At this season, the Anglican Book of Common Prayer invites worshipers to “the observance of a holy Lent, by self-examination and repentance; by prayer, fasting, and self-denial.” This year Lent ends with the eve of Easter on April 10, and during the intervening 46 days (40 without Sundays) Episcopalians will have ample opportunity to practice these behaviors. In fact, the arrival of a new coronavirus seems almost calculated to encourage people to reflect even more than usual on their own moral obligations and to make a habit of putting others first. It likely made that impression on Janet Broderick, the 64-year-old sister of the actor Matthew, who contracted severe pneumonia and tested positive. She is a rector–the principal priest in an Anglican congregation–and on her release from the hospital “looks forward to being together again in worship, to praying with you and singing a hymn..Jesus has been so close to me the whole time.”
As many social commentators have observed, the threat posed by this mysterious illness calls forth precisely the wrong response: to meet together in shared supplication and sympathy. Wrong, that is, if your chief interest lies in not spreading the contagion and thereby hindering your own survival. (And, honestly, which of us would deny priority to that?) Such is the religious paradox of deadly pestilence, which goes back in English literature at least to Defoe’s Journal of the Plague Year. For the 250+ million non-Episcopalians in the country–not to mention the 25% of adults who identify themselves as “unaffiliated”–the prompting might arrive from other quarters, including the government, but the lessons seem universal–and uncongenial to the modern mind. Suspend all gatherings, not just in public but also with relatives; avoid common places of entertainment, including bars and restaurants; do not travel to exotic locales and affordable resorts; limit your purchases to what is sufficient for the day or week. (Talk about being content with daily bread.) In short, stay at home, and hope the internet doesn’t collapse.
I confess I’m not happy about this. As a retired Boomer, I certainly have very little to complain about, especially compared with families that are dependent on two or three sources of employment, all of which are now shutting down. Despite my statistically parlous condition, I have the luxury (for now) of sitting back in relative security and reflecting on the situation. That’s when I grow deeply dismayed. It’s not just having to abandon familiar routines– including the routine of occasionally breaking the routine–or reducing my skin to the consistency of crepe paper with repeated application of soap and alcohol. My discontent lies mostly with the confusion that the outbreak has engendered. On the one hand, having identified the source as “the Chinese virus,” we’re seemingly amazed that it has the temerity to come here. On the other, there arises a meaningless but alarming debate about mortality rates and apocalyptic predictions of deaths in the millions. Compounding this response, of course, is a lack of appreciation for the simple significance of numbers. Until people can be easily tested, the ‘denominator’ of this calculation [#cases] remains unknown. At the same time, failure to prepare can produce dire consequences indeed. Among the never-ending flood of news stories, many of which relate more to litigating past accountability than to informing the audience about what’s coming, we are told that New York City could run out of medical supplies within three weeks. When it emerges that such shortages were predictable, and were predicted, a shroud of impotence descends.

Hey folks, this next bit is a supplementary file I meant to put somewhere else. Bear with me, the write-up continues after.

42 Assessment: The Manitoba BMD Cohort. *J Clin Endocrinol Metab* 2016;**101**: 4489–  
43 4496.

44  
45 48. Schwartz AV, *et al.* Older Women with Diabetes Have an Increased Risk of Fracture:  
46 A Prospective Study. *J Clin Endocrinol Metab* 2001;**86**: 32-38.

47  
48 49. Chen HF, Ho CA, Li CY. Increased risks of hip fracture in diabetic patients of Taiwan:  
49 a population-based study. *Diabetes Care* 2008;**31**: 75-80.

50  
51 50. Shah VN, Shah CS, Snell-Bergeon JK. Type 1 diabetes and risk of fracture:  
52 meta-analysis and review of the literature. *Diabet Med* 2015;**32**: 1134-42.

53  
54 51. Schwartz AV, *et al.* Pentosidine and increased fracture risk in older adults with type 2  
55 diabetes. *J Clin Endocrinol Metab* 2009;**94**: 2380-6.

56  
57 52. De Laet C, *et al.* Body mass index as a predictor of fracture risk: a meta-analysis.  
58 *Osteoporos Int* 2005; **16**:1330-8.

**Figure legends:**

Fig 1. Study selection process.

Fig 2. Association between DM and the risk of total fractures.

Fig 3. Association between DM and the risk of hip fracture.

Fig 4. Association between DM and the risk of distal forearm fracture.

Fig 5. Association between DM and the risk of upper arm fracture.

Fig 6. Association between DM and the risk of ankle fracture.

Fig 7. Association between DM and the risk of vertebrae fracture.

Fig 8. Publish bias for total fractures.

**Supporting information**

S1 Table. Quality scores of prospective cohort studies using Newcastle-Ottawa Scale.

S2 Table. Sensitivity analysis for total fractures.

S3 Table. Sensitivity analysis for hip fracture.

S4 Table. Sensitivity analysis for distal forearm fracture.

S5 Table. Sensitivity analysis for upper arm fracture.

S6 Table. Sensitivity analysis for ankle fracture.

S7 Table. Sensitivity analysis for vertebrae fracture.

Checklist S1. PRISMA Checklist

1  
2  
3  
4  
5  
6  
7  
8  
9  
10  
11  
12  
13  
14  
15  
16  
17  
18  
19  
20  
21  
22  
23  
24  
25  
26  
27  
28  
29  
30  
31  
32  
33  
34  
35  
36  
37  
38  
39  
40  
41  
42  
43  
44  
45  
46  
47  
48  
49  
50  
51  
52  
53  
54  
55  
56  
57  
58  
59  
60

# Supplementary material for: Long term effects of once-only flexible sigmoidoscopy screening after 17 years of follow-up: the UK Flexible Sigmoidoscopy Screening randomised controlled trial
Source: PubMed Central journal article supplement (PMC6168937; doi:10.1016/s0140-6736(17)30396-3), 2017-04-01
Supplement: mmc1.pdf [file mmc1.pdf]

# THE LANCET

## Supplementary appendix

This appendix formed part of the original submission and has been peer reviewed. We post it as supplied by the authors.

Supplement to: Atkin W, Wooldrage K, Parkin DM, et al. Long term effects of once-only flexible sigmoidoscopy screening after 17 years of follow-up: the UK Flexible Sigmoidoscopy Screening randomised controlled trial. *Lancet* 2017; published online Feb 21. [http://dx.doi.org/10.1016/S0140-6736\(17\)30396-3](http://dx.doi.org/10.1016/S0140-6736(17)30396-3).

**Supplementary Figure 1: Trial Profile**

I suppose we can’t expect society and the economy always to prioritize the general welfare, but can we do no better than this? Quite possibly, our salvation in this crisis (as in earlier ones) will come from the ability of the military to mobilize and command unquestioned control over resources in a national emergency. And this ought to suit everyone’s political agenda. Meanwhile, let’s pause to consider the practical, even spiritual, implications of our actions. One Anglican prayer for Lent seeks help from God, “who seest that we have no power of ourselves to help ourselves.” How contrary to everything we believe we can accomplish; this can have no relevance in our age and stage. Yet we still instinctively admire, solemnly marvel at, the courage of the parishioners of one village in central England, who during the plague of 1665 quarantined themselves so as not to spread the disease and faced their fate together. Nearly a third of them died. By contrast, last month, when Twitter revealed that Milan was about to be locked down, many Italians fled south, taking the virus with them. Will New Yorkers, if subjected to confinement, respond in the same way?